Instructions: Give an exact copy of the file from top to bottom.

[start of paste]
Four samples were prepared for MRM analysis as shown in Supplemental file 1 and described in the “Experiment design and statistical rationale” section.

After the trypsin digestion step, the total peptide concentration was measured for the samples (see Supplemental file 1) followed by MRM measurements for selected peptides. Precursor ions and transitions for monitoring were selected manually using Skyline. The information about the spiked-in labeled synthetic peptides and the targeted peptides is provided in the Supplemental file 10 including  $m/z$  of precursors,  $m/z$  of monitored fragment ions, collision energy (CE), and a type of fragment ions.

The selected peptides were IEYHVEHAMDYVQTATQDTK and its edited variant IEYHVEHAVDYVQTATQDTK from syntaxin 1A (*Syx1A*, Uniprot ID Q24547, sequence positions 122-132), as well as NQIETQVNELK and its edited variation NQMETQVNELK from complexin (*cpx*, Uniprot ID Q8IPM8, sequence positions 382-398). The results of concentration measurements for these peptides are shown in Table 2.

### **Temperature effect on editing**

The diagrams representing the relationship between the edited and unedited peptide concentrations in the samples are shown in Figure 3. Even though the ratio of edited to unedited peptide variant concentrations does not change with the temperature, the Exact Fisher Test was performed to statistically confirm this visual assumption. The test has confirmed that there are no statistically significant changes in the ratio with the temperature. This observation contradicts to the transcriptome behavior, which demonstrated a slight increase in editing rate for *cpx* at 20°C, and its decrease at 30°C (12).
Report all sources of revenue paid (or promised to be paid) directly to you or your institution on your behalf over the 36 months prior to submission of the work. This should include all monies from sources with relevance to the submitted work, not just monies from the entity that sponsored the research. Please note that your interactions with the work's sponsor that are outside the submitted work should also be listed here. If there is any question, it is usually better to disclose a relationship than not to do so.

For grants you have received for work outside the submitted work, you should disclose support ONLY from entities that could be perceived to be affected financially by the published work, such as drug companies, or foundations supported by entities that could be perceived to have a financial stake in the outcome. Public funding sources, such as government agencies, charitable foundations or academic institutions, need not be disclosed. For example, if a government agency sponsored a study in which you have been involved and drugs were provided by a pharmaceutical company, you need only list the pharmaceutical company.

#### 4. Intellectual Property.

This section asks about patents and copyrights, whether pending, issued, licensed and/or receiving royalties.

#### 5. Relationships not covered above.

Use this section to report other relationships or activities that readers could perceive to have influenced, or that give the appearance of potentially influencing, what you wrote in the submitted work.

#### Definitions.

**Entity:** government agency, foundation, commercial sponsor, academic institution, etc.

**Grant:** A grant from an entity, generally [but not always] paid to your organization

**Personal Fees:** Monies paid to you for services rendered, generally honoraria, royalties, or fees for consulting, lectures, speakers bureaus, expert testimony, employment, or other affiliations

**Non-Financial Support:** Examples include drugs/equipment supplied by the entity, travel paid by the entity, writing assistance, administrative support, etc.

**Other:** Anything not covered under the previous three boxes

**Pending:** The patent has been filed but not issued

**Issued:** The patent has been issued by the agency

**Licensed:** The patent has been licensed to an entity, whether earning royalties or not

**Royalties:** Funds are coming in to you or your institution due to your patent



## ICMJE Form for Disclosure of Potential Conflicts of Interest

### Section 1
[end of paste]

Four samples were prepared for MRM analysis as shown in Supplemental file 1 and described in the “Experiment design and statistical rationale” section.

After the trypsin digestion step, the total peptide concentration was measured for the samples (see Supplemental file 1) followed by MRM measurements for selected peptides. Precursor ions and transitions for monitoring were selected manually using Skyline. The information about the spiked-in labeled synthetic peptides and the targeted peptides is provided in the Supplemental file 10 including  $m/z$  of precursors,  $m/z$  of monitored fragment ions, collision energy (CE), and a type of fragment ions.

The selected peptides were IEYHVEHAMDYVQTATQDTK and its edited variant IEYHVEHAVDYVQTATQDTK from syntaxin 1A (*Syx1A*, Uniprot ID Q24547, sequence positions 122-132), as well as NQIETQVNELK and its edited variation NQMETQVNELK from complexin (*cpx*, Uniprot ID Q8IPM8, sequence positions 382-398). The results of concentration measurements for these peptides are shown in Table 2.

### **Temperature effect on editing**

The diagrams representing the relationship between the edited and unedited peptide concentrations in the samples are shown in Figure 3. Even though the ratio of edited to unedited peptide variant concentrations does not change with the temperature, the Exact Fisher Test was performed to statistically confirm this visual assumption. The test has confirmed that there are no statistically significant changes in the ratio with the temperature. This observation contradicts to the transcriptome behavior, which demonstrated a slight increase in editing rate for *cpx* at 20°C, and its decrease at 30°C (12).
Report all sources of revenue paid (or promised to be paid) directly to you or your institution on your behalf over the 36 months prior to submission of the work. This should include all monies from sources with relevance to the submitted work, not just monies from the entity that sponsored the research. Please note that your interactions with the work's sponsor that are outside the submitted work should also be listed here. If there is any question, it is usually better to disclose a relationship than not to do so.

For grants you have received for work outside the submitted work, you should disclose support ONLY from entities that could be perceived to be affected financially by the published work, such as drug companies, or foundations supported by entities that could be perceived to have a financial stake in the outcome. Public funding sources, such as government agencies, charitable foundations or academic institutions, need not be disclosed. For example, if a government agency sponsored a study in which you have been involved and drugs were provided by a pharmaceutical company, you need only list the pharmaceutical company.

#### 4. Intellectual Property.

This section asks about patents and copyrights, whether pending, issued, licensed and/or receiving royalties.

#### 5. Relationships not covered above.

Use this section to report other relationships or activities that readers could perceive to have influenced, or that give the appearance of potentially influencing, what you wrote in the submitted work.

#### Definitions.

**Entity:** government agency, foundation, commercial sponsor, academic institution, etc.

**Grant:** A grant from an entity, generally [but not always] paid to your organization

**Personal Fees:** Monies paid to you for services rendered, generally honoraria, royalties, or fees for consulting, lectures, speakers bureaus, expert testimony, employment, or other affiliations

**Non-Financial Support:** Examples include drugs/equipment supplied by the entity, travel paid by the entity, writing assistance, administrative support, etc.

**Other:** Anything not covered under the previous three boxes

**Pending:** The patent has been filed but not issued

**Issued:** The patent has been issued by the agency

**Licensed:** The patent has been licensed to an entity, whether earning royalties or not

**Royalties:** Funds are coming in to you or your institution due to your patent



## ICMJE Form for Disclosure of Potential Conflicts of Interest

### Section 1